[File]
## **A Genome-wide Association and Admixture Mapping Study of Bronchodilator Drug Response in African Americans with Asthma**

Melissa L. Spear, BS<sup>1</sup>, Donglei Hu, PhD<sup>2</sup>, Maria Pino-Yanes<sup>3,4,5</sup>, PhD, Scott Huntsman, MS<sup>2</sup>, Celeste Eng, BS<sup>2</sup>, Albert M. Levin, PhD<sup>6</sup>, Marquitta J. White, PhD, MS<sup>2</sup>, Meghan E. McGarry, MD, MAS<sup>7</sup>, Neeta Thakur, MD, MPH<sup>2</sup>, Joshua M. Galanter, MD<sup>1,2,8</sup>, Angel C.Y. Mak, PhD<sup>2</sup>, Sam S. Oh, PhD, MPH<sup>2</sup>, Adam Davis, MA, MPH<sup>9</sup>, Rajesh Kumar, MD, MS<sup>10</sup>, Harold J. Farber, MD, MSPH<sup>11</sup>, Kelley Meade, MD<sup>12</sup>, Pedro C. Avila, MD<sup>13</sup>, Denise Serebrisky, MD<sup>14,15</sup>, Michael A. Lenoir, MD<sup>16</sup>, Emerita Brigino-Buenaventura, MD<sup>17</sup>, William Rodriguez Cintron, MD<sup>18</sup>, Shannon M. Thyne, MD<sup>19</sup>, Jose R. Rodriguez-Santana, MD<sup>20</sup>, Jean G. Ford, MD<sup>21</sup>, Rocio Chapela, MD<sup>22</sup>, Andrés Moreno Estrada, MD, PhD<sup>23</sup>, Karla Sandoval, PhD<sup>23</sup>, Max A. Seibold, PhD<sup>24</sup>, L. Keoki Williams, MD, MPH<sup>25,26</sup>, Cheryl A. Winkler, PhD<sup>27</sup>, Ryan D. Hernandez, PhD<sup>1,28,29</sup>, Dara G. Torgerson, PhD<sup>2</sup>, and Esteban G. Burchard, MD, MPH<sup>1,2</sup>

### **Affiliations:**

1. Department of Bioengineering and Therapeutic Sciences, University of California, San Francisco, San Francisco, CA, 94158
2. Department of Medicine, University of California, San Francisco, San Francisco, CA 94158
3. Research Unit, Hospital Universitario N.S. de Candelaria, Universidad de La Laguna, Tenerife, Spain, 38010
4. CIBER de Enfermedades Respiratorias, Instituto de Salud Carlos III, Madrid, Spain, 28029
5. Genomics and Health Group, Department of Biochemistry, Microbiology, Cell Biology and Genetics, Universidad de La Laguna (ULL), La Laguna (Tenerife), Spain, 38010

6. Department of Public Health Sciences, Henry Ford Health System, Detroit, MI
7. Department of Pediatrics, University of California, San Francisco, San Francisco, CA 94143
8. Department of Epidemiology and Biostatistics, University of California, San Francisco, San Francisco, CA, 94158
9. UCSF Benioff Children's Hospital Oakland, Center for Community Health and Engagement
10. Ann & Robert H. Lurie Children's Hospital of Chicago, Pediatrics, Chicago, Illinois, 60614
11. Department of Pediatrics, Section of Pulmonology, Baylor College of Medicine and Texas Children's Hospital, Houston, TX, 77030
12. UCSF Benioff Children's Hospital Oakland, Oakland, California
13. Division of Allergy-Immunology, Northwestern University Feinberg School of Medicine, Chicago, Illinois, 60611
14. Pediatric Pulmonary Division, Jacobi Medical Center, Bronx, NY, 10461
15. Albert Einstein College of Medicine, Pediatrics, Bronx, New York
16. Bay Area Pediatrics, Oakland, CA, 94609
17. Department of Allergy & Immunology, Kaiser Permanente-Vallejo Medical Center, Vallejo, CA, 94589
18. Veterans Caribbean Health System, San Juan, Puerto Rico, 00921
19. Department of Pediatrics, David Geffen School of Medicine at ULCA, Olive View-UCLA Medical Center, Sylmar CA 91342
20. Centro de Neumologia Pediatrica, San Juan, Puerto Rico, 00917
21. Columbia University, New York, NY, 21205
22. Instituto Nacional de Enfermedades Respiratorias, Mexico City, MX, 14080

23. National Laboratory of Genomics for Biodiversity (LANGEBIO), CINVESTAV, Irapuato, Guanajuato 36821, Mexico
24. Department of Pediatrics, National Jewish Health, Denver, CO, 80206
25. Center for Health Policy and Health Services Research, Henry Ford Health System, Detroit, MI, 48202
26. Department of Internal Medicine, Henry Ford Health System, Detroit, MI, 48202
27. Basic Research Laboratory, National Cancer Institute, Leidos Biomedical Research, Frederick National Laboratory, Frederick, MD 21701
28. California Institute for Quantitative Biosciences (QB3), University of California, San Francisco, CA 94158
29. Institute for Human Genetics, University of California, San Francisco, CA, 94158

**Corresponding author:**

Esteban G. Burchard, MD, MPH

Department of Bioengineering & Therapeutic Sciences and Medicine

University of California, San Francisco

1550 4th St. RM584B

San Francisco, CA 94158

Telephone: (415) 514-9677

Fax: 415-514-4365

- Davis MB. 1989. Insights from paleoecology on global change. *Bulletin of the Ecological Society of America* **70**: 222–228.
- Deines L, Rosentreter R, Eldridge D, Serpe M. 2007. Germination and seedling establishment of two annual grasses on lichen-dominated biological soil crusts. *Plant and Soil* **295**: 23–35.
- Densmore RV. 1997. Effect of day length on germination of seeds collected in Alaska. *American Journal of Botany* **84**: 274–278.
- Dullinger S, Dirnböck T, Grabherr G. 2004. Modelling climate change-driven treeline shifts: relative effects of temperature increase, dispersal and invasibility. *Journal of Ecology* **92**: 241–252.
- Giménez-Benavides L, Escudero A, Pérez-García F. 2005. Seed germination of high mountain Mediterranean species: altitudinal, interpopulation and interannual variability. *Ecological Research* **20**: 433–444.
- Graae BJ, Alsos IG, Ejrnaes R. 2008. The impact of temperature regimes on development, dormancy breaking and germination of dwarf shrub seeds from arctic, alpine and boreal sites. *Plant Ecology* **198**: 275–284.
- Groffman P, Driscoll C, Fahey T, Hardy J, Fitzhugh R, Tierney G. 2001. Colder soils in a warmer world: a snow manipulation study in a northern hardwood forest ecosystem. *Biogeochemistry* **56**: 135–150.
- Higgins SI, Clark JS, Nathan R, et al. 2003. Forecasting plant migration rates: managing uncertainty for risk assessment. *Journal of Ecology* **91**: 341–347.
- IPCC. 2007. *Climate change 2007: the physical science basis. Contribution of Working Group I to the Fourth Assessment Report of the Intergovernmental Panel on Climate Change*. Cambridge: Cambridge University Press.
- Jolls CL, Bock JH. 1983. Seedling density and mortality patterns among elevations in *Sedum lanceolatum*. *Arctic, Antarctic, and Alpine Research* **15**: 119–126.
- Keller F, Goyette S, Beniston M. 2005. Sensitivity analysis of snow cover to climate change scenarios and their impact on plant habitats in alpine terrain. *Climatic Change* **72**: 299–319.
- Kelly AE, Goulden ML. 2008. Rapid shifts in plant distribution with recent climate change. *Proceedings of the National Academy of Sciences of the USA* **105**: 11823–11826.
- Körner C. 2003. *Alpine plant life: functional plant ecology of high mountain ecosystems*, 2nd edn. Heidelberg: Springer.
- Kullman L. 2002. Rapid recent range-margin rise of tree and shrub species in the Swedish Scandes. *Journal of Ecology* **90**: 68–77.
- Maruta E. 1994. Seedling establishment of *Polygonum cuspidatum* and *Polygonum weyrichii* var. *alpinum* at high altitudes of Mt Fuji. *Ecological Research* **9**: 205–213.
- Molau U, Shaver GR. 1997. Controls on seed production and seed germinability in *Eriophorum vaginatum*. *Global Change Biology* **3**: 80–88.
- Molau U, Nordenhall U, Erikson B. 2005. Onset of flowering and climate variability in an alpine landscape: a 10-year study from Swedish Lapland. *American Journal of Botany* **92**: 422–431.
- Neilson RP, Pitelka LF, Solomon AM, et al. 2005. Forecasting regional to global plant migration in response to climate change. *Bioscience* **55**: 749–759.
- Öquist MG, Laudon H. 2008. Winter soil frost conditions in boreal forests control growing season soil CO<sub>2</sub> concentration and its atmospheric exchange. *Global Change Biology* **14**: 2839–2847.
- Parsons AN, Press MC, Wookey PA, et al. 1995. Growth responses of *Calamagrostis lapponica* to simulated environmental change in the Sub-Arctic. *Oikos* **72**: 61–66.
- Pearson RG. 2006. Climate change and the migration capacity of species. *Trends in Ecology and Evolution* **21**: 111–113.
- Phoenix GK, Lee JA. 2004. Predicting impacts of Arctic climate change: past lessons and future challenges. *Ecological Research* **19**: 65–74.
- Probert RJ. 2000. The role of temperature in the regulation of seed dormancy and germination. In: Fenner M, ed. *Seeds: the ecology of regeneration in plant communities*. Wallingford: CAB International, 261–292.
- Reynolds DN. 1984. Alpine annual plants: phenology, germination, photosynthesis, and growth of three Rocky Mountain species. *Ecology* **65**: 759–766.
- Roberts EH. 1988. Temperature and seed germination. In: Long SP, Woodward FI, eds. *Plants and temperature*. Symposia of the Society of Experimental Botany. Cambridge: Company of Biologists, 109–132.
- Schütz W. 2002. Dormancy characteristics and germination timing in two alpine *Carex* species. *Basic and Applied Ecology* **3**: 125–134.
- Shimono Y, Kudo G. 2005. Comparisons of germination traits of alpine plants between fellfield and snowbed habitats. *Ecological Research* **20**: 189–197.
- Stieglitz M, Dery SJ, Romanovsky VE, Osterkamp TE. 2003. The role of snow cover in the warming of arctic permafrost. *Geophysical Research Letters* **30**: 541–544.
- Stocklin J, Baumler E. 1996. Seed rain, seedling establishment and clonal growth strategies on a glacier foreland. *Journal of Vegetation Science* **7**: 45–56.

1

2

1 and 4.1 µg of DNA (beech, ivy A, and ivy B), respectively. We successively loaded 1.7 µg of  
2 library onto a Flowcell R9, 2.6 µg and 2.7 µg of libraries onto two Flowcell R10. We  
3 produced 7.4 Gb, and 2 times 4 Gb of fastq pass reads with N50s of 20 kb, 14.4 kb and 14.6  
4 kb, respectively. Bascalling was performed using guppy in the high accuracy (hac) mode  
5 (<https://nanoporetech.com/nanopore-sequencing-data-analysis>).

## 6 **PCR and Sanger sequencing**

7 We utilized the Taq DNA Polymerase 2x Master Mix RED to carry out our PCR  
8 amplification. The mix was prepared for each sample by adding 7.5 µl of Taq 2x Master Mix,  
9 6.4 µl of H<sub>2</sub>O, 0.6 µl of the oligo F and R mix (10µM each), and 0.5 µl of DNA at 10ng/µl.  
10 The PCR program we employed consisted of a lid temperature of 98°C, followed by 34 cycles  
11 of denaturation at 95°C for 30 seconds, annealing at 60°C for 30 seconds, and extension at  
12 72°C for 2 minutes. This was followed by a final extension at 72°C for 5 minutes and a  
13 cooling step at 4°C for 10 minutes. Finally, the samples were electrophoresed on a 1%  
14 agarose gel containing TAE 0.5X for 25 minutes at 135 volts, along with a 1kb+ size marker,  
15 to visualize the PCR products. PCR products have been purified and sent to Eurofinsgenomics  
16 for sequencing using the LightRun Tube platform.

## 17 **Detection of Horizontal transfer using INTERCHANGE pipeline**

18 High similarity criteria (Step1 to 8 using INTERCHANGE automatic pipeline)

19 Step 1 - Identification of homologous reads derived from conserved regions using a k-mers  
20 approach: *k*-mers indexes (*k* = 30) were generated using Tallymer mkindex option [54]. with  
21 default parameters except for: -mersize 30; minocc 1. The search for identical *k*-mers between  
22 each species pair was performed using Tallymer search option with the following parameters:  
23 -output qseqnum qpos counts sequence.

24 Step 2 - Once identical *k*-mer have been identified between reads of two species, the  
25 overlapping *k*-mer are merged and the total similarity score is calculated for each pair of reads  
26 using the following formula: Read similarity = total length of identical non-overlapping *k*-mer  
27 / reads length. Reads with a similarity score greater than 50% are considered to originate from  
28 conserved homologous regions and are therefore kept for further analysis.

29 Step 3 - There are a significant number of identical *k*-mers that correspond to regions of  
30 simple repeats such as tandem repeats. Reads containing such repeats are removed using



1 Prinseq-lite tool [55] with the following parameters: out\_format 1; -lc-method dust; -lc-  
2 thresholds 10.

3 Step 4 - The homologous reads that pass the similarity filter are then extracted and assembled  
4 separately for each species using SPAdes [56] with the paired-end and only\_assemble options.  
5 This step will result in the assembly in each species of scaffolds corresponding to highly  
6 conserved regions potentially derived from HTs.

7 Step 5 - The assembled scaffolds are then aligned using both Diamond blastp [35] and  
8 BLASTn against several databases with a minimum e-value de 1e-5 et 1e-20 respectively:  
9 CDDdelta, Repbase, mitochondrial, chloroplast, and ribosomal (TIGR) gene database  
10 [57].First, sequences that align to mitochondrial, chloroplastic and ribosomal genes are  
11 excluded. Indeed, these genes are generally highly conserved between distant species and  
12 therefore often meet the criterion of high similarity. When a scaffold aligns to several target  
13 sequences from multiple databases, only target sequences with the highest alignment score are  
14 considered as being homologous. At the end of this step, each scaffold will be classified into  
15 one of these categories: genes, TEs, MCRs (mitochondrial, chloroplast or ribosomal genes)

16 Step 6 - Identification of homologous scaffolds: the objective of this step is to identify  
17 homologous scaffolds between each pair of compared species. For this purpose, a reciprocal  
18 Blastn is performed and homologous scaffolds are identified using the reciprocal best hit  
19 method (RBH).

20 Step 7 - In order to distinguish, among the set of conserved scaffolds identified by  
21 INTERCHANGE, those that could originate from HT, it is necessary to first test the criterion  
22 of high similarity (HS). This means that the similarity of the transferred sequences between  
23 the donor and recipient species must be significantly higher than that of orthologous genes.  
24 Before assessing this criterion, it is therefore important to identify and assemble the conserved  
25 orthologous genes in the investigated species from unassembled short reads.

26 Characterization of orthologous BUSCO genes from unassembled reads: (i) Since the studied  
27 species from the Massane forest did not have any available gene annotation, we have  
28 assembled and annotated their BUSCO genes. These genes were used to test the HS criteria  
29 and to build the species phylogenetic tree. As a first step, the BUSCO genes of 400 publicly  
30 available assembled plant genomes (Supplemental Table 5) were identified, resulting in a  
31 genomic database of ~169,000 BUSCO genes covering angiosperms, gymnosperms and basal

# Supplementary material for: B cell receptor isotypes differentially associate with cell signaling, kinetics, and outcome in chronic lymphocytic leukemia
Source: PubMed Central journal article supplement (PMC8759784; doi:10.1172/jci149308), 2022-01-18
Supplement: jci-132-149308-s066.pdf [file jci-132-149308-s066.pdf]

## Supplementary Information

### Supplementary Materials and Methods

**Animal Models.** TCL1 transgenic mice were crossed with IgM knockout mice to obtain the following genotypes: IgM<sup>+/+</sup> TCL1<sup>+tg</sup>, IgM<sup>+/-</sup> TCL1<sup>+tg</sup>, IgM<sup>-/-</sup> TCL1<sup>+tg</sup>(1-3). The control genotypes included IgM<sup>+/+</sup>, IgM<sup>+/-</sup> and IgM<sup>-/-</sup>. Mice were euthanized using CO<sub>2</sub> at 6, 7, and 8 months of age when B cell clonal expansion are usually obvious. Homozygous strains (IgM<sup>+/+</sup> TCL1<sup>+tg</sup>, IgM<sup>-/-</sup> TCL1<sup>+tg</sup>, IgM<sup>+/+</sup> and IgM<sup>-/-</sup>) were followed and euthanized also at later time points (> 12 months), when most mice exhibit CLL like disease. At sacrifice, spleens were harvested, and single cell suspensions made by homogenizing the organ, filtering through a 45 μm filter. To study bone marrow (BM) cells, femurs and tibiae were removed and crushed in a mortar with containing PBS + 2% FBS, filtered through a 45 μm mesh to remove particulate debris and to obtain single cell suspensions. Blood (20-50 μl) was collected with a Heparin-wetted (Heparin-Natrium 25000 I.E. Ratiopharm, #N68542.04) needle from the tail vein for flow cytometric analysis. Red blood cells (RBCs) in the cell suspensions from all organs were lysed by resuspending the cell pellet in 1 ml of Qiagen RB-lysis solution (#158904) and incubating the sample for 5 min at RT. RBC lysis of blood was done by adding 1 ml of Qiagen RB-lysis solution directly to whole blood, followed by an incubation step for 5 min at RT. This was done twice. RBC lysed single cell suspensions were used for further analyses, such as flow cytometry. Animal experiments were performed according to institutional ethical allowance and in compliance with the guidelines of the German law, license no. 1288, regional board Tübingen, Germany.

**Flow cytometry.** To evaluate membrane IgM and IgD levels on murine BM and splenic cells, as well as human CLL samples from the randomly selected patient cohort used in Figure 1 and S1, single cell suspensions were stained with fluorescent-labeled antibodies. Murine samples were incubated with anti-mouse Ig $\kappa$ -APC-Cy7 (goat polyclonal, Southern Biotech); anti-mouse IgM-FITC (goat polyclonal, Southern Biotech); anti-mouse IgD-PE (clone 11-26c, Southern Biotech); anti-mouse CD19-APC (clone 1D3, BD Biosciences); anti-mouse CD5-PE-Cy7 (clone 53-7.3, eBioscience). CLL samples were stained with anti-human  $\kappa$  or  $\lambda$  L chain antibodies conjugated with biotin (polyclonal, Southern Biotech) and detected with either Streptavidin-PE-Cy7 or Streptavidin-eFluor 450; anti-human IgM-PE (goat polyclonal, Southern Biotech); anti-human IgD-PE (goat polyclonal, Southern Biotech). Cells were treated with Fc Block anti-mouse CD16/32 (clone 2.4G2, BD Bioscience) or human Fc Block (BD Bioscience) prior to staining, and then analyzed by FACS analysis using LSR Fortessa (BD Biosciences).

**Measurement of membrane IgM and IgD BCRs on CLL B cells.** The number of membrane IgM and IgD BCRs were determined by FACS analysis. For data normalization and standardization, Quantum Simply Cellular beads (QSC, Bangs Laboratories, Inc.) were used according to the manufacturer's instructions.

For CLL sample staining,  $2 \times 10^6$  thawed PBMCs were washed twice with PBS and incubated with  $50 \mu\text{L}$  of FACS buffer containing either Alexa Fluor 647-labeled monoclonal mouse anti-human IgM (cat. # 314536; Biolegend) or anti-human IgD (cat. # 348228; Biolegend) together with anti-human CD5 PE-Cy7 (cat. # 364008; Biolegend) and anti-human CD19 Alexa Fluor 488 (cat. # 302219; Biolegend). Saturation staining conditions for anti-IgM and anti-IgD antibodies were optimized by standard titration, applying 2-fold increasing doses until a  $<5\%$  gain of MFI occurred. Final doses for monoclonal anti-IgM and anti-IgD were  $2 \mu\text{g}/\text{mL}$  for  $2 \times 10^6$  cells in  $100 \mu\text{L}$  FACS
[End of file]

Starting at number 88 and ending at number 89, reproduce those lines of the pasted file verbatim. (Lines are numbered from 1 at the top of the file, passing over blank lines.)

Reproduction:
## 17 **Detection of Horizontal transfer using INTERCHANGE pipeline**

18 High similarity criteria (Step1 to 8 using INTERCHANGE automatic pipeline)